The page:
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Ehrlich Renews Push For Slots Compromise

By Matthew Mosk
Washington Post Staff Writer
Friday, April 1, 2005; Page B01

Anxious lobbyists and a newly energized governor are trying to pressure legislative leaders to end their stalemate over slot machine gambling before the curtain drops on the Maryland General Assembly's session.

After weeks of silence on the contentious issue, Gov. Robert L. Ehrlich Jr. (R) this week renewed his calls for House Speaker Michael E. Busch (D-Anne Arundel) to entertain talks on a compromise proposal that would legalize slot machines at selected venues.

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"I'm going to ask the speaker again, respectfully, to sit down. I think he would. I hope he would," Ehrlich told reporters this week during a visit to Laurel Park racetrack, a potential slots venue.

In Annapolis, lobbyists representing gambling and horse-racing interests have quietly begun pressing Senate President Thomas V. Mike Miller Jr. (D-Calvert) to drop his insistence on a broader slots plan and instead accept the version that Busch passed through the House by the thinnest of margins.

"The possibility of slots passing is absolutely still there if these two men can come together," said Paul E. Weisengoff, an Annapolis lobbyist with long ties to the horse-racing industry who is working for Ehrlich. "That's a tall order, but there's loads of time to make it happen."

Today, several key lawmakers will get a reminder of what might be at stake if a slots bill fails as they tour the storied Pimlico Racetrack in Baltimore as guests of lobbyists for Magna Entertainment, the multinational horse-racing conglomerate that hopes to profit from slots at the tracks it owns in Maryland: Pimlico and Laurel.

"We're really hoping something gets done soon, before it's too late" for the Maryland horse-racing industry, said Joseph A. De Francis, a minority owner of the two tracks.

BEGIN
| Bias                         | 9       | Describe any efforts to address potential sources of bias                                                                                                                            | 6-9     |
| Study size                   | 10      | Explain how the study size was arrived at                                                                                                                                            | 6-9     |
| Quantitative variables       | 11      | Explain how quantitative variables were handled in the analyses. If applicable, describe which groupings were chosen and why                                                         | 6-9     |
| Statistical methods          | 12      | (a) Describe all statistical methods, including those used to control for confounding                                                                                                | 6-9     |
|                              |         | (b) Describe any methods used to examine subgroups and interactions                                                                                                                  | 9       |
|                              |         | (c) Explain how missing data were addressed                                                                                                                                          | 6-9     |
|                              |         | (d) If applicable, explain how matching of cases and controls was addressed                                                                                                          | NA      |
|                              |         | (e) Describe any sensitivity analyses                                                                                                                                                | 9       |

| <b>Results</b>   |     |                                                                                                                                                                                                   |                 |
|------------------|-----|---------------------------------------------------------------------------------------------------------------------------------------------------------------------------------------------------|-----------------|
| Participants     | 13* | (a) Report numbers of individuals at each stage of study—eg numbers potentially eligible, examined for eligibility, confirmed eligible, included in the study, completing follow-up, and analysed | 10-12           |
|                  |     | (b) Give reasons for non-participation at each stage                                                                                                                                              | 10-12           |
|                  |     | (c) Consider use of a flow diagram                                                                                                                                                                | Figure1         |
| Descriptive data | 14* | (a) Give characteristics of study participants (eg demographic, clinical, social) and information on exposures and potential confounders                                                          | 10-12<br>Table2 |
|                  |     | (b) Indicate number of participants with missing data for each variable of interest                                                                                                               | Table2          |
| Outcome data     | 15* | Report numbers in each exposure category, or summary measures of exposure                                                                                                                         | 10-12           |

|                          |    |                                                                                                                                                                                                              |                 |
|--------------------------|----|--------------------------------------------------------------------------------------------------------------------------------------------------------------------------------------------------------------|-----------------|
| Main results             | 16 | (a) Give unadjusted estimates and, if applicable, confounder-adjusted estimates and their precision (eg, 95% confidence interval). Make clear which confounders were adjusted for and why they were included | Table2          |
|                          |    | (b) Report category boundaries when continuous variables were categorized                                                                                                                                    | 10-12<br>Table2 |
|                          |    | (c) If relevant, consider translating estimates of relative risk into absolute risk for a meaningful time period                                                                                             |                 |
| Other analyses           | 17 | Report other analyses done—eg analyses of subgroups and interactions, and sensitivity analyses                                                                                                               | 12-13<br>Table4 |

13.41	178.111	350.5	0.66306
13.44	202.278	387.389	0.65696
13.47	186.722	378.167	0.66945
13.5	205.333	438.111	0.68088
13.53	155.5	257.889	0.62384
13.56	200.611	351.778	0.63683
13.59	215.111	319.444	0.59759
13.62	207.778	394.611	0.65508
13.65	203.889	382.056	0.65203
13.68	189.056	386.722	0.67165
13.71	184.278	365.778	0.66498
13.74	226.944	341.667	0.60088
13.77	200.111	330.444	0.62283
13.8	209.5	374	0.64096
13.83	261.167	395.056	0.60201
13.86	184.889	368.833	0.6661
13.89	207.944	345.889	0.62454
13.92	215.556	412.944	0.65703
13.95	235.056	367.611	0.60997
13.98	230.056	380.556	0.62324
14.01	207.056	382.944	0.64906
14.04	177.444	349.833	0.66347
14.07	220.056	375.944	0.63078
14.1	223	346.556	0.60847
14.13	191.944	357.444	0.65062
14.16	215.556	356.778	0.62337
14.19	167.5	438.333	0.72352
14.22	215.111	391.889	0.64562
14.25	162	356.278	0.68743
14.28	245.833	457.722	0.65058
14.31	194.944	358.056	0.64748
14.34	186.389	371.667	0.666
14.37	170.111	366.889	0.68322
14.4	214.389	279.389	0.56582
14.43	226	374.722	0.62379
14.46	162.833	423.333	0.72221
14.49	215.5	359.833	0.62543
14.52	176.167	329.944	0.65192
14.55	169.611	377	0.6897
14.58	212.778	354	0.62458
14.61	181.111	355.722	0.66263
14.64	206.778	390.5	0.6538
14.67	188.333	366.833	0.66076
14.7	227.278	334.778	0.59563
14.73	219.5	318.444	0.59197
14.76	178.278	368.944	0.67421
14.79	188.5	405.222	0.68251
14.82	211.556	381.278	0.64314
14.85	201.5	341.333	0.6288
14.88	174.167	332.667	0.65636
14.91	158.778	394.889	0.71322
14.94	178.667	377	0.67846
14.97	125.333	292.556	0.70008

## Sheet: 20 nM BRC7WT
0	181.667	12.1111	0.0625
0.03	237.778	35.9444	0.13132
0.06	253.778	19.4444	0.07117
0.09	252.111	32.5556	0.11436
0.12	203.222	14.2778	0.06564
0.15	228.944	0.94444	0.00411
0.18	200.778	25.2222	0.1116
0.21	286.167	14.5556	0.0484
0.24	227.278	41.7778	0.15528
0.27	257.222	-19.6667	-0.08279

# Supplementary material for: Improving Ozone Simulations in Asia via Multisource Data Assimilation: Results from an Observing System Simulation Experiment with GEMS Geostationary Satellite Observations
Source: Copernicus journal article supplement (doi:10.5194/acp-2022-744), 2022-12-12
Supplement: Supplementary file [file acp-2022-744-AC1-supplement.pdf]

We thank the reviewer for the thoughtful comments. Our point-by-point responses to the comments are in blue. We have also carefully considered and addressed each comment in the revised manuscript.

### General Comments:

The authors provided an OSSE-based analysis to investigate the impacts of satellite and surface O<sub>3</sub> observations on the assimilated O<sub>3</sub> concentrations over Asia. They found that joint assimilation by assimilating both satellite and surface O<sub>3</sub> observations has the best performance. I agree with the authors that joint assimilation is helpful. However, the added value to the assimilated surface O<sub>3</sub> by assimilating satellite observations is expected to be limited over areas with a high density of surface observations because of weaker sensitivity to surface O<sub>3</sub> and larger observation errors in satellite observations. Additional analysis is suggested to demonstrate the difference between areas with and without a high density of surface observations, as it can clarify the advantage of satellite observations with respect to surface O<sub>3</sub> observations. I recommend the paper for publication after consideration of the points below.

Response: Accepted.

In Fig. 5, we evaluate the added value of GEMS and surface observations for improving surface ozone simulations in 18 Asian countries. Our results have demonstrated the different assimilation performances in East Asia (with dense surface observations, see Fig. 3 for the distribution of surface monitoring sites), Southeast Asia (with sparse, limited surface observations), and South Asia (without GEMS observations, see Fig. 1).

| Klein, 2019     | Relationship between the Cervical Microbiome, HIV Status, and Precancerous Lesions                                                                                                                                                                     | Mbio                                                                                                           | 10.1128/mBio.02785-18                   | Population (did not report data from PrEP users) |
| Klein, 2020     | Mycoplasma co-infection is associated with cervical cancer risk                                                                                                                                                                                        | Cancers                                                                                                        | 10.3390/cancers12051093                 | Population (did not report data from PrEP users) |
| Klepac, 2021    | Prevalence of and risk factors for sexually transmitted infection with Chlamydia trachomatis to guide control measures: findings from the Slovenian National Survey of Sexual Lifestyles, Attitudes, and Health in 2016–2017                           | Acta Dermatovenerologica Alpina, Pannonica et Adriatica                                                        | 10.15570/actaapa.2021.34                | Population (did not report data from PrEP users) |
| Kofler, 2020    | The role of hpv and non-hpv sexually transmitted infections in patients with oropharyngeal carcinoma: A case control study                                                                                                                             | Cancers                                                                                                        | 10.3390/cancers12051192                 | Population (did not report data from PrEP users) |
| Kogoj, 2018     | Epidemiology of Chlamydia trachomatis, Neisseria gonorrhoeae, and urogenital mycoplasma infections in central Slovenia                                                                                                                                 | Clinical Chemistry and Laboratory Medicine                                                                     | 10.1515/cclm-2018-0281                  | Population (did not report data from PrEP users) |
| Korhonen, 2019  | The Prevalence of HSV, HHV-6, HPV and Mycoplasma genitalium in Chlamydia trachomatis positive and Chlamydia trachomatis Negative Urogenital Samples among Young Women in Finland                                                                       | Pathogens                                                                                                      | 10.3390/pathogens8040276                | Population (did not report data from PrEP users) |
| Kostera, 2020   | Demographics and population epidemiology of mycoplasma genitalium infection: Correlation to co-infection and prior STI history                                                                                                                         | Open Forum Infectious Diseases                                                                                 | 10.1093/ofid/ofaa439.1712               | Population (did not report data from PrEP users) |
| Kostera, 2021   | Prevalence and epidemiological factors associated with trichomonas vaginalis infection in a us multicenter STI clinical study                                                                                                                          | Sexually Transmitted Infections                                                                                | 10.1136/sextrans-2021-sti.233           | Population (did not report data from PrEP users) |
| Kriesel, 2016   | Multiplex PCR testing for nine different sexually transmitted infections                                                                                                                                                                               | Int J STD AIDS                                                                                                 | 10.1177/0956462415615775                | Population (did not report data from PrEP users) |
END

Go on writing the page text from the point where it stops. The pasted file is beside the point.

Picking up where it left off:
The fresh push, with 10 days left in the legislature's 90-day session, comes as nearby states are considering steps to blunt the impact of a possible Maryland gambling initiative. Delaware lawmakers are floating gambling expansion plans, including the legalization of sports betting. And the West Virginia Senate this week approved casino-style table gambling at the state's four racetracks.

The bill's sponsor, West Virginia Sen. Andy McKenzie (R), said "concern about competition" helped him get the bill through the Senate. He expects it will pass the House next week, clearing the way for his state to take in an added $42 million a year in gambling proceeds. Pennsylvania, meanwhile, is setting up the infrastructure for a slots plan approved last summer.

Miller said every day that goes by without a Maryland slots bill is a lost opportunity to profit from gamblers who are instead going across state lines. "We could be cutting property taxes and funding schools," Miller said. "Instead, we're cutting Meals on Wheels."

At the same time, Miller has contributed to the standoff over competing proposals to legalize the machines and bring anywhere from $330 million to more than $900 million in fresh annual revenue into the Maryland treasury.

The two chambers each have approved a slots proposal, but the plans are significantly different. The House's plan would place 9,500 machines at sites in Allegany, Anne Arundel, Frederick and Harford counties. The Senate bill would permit 15,500 machines at seven locations, four of which would be horse tracks. Those sites would be selected by a nine-member commission, a majority of whom would be appointed by Ehrlich.

Busch said his chamber's bill passed with a majority that is so fragile that it would crumble if the legislation is amended. Accordingly, he declined to appoint a conference committee to negotiate a compromise with senators, and he sent his bill to the other side of the State House. The Senate promptly amended the House bill to look just like the Senate version and sent it back to Busch.

"I expect I'll be bombarded by everyone next week," Busch said, anticipating a horde of lobbyists. But he said he will not relent. The best he will offer, he said, is to return the House bill to the Senate and give senators another shot at passing it before the session ends.

Miller did not see hope for that approach. "All the bills are in the House," he said. "If anything happens, it happens there."

Opponents to slots are banking on the conflict to keep the bill locked up for the session's remaining days. But one leading slots foe, Del. Peter Franchot (D-Montgomery), said he knows that will not be easy when faced with an all-out campaign from pro-slots lobbyists.

"They're at red alert, DefCon 1," Franchot said. "They know this is their window."

On this point, slots supporters appear to agree.

"Everybody has had their cooling-off period," said Del. Clarence Davis (D-Baltimore), a vigorous advocate for a gambling expansion. "Hopefully, in the waning days, someone will step forward and consider a compromise. This is a town built on give-and-take. It's time for someone to give."


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